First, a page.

A Walk in the Park ... Anytime; Dumbarton Oaks Gardens Offers Riot of Color and Culture
Byline: Gabriella Boston, THE WASHINGTON TIMES
Dumbarton Oaks Gardens, a 16-acre oasis right smack in the middle of Georgetown, is a nice alternative for those who long for walks outdoors but can't go to area parks in the wake of Isabel's destruction.
The gardens are open year-round and have lots of natural beauty and varying architectural and hardscape features, including nine fountains, a pebble garden, mosaics and a swimming pool.
"Kids seem to especially enjoy the water features, the pool and the fountains," says Gail Griffin, superintendent for gardens and grounds.
Children also enjoy running and playing in the open space, although technically, visitors should try to stay on the paths, Mrs. Griffin says.
The gardens are built on a slope - stairs and winding paths bring the visitor to the various terraces and "garden rooms" of this green haven. Although the slope can be a bit strenuous, at every turn of the path there is a wooden, marble or stone bench, perfectly and privately located in one of the garden rooms.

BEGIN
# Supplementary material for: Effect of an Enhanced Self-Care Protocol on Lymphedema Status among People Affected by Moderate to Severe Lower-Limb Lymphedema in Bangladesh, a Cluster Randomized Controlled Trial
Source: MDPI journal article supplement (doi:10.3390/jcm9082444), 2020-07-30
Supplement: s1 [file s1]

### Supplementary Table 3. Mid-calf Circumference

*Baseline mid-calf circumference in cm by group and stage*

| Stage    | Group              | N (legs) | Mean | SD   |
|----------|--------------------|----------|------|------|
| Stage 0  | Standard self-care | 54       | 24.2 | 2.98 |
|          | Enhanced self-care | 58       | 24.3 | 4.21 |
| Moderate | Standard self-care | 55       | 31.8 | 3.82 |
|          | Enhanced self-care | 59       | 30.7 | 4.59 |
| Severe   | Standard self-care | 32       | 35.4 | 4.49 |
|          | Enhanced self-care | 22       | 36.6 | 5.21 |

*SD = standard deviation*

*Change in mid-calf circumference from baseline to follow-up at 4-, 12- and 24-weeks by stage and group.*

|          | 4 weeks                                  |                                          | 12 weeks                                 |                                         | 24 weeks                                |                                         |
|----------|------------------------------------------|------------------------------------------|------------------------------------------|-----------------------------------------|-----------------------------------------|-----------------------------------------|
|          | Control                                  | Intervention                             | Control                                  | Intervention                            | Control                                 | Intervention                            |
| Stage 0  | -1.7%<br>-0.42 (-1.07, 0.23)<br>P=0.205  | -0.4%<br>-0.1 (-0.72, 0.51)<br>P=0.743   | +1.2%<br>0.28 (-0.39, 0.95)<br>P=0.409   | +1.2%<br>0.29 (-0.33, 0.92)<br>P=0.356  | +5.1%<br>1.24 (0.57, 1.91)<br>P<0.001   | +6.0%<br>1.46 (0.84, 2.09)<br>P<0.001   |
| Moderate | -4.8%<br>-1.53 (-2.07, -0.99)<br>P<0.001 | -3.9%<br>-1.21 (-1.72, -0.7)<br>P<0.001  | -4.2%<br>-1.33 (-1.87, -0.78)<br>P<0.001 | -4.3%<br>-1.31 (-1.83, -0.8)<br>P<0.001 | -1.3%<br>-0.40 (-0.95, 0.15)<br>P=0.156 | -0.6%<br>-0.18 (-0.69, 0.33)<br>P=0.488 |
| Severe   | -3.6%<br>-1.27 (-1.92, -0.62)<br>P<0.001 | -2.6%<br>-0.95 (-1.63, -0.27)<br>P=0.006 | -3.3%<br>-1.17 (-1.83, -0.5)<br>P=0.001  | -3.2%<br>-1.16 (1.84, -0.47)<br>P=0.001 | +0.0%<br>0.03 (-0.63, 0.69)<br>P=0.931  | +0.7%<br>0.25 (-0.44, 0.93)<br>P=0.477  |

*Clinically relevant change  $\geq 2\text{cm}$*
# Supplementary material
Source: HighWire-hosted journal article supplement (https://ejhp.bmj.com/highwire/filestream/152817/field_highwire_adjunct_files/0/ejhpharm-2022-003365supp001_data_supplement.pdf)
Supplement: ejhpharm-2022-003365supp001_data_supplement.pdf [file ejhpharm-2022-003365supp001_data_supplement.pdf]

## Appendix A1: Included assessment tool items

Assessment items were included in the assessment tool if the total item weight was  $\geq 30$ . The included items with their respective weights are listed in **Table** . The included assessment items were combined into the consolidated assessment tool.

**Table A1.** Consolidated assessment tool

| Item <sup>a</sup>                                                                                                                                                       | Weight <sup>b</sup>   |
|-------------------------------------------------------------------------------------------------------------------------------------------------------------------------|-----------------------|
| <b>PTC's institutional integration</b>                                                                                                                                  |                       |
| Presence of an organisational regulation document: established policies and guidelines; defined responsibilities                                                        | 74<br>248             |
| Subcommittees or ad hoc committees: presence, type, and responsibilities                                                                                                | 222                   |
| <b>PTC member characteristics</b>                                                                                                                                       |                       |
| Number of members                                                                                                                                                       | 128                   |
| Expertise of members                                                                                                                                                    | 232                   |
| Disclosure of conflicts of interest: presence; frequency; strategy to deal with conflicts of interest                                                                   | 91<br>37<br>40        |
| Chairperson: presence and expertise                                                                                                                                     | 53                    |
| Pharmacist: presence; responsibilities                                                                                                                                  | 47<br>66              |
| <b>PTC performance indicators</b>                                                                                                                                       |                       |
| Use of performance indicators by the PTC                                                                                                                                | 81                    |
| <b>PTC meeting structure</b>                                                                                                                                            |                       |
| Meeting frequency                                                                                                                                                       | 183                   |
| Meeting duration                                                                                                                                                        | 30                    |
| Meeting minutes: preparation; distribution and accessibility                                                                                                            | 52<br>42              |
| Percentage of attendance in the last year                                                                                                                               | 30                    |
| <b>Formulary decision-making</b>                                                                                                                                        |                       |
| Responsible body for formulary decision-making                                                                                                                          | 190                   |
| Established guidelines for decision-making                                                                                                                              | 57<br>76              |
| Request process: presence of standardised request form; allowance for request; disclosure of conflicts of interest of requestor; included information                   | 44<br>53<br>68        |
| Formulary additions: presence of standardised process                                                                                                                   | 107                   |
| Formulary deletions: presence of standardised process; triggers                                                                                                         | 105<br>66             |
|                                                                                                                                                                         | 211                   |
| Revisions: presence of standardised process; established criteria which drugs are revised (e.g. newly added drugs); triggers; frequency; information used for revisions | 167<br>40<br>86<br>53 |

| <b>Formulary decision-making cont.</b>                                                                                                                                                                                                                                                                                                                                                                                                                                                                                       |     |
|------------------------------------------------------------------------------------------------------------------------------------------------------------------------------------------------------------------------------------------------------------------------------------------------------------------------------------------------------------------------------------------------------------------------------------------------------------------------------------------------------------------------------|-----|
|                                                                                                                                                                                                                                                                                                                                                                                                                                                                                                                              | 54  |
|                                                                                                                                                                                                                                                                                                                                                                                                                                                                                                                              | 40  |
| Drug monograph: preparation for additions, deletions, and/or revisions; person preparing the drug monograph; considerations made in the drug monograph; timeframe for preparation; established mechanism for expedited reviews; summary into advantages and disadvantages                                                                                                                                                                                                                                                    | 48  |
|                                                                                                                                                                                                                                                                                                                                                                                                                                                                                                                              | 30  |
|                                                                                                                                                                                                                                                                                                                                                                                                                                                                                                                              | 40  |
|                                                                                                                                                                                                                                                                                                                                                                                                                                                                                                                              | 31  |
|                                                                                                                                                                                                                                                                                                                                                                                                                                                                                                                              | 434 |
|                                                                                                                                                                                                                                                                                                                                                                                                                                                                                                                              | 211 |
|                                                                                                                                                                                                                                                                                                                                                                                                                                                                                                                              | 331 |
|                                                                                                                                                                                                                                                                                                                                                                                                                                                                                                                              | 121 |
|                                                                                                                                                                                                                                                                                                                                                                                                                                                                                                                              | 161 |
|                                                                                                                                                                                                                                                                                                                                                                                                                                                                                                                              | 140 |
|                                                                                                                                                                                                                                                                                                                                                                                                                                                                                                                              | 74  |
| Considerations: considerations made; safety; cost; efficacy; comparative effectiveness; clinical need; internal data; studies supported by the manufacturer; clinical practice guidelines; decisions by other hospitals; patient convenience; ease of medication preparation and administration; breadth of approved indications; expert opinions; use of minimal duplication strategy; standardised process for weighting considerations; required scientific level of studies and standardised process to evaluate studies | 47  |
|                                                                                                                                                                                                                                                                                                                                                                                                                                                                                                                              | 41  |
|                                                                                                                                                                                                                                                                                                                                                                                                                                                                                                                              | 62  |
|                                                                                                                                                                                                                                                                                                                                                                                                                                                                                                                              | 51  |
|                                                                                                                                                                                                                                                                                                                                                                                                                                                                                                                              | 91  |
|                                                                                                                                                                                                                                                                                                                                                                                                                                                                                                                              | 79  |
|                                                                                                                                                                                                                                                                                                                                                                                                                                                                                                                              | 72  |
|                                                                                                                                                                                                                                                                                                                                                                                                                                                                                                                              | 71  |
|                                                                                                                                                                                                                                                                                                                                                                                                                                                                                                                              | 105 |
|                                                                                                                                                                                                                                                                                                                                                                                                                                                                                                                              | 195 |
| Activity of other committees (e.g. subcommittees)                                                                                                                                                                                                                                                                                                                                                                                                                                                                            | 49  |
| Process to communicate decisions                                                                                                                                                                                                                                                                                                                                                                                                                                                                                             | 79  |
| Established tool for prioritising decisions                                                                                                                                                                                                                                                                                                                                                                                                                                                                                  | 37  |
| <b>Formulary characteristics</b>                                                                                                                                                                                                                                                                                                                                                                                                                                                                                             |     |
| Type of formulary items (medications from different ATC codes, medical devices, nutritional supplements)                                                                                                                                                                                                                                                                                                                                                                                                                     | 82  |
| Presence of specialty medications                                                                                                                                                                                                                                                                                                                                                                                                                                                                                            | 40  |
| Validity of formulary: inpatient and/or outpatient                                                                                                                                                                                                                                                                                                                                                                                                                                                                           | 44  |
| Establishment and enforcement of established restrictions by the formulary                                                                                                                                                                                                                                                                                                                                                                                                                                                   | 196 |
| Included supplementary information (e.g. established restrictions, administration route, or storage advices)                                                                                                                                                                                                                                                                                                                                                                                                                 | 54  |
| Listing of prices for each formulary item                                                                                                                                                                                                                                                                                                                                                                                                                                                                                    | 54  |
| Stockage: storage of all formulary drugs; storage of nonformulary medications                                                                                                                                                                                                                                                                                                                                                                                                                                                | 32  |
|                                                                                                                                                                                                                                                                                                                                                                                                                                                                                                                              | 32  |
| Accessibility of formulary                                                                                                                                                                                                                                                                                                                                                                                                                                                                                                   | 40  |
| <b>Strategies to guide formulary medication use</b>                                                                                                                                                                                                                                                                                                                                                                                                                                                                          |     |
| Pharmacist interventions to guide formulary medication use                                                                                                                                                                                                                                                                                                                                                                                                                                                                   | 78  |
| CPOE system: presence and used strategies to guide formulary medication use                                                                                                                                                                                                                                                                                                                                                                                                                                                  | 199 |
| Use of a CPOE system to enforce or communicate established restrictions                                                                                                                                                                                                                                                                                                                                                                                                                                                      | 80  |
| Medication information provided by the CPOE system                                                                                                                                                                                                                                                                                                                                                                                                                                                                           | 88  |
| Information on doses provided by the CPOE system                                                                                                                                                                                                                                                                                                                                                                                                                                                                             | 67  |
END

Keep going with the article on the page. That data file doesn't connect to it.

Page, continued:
Hedges and architectural features such as walls and fountains, often with stone cherubs as their centerpieces, help create these enclosed sanctuaries.
"I love the contrast of the closeness of these rooms - very private - and the openness of the sky," Mrs. Griffin says.
The garden is designed and planted to offer something visually interesting in each season. Even the winter is a pretty time at Dumbarton Oaks, whose name alludes to the property's many oak trees, she says.
"But now is one of my favorite times of year," Mrs. Griffin says. "The borders are so massive, full of asters and chrysanthemums."
The chrysanthemums come in red, orange and yellow in some areas, and in pink and purple in others.
The "borders" are flower beds that line the brick and stone paths that snake through the estate. Also blooming in October are mums and salvia.
In the spring, tulips replace the fall flowers in the borders. Also in the spring, cherry trees and dogwoods bloom, and in the summer, the rose garden - with at least 1,000 roses - explodes with color and fragrance.
These lavish gardens surround a 19th century mansion, once owned by super wealthy Robert and Mildred Bliss. Mrs. Bliss, together with landscape gardener Beatrix Farrand, designed the vast garden.
The Blisses were also avid art, antique and artifact collectors. So, once visitors have had enough of the garden (if that's possible) they can head into the museum portion of the estate, which includes a collection of Byzantine artifacts and Renaissance art. A collection of pre-Columbian art is currently not open to the public.
The museum is housed in additions made to the 19th century Federal-style mansion that the Blisses bought in 1920. …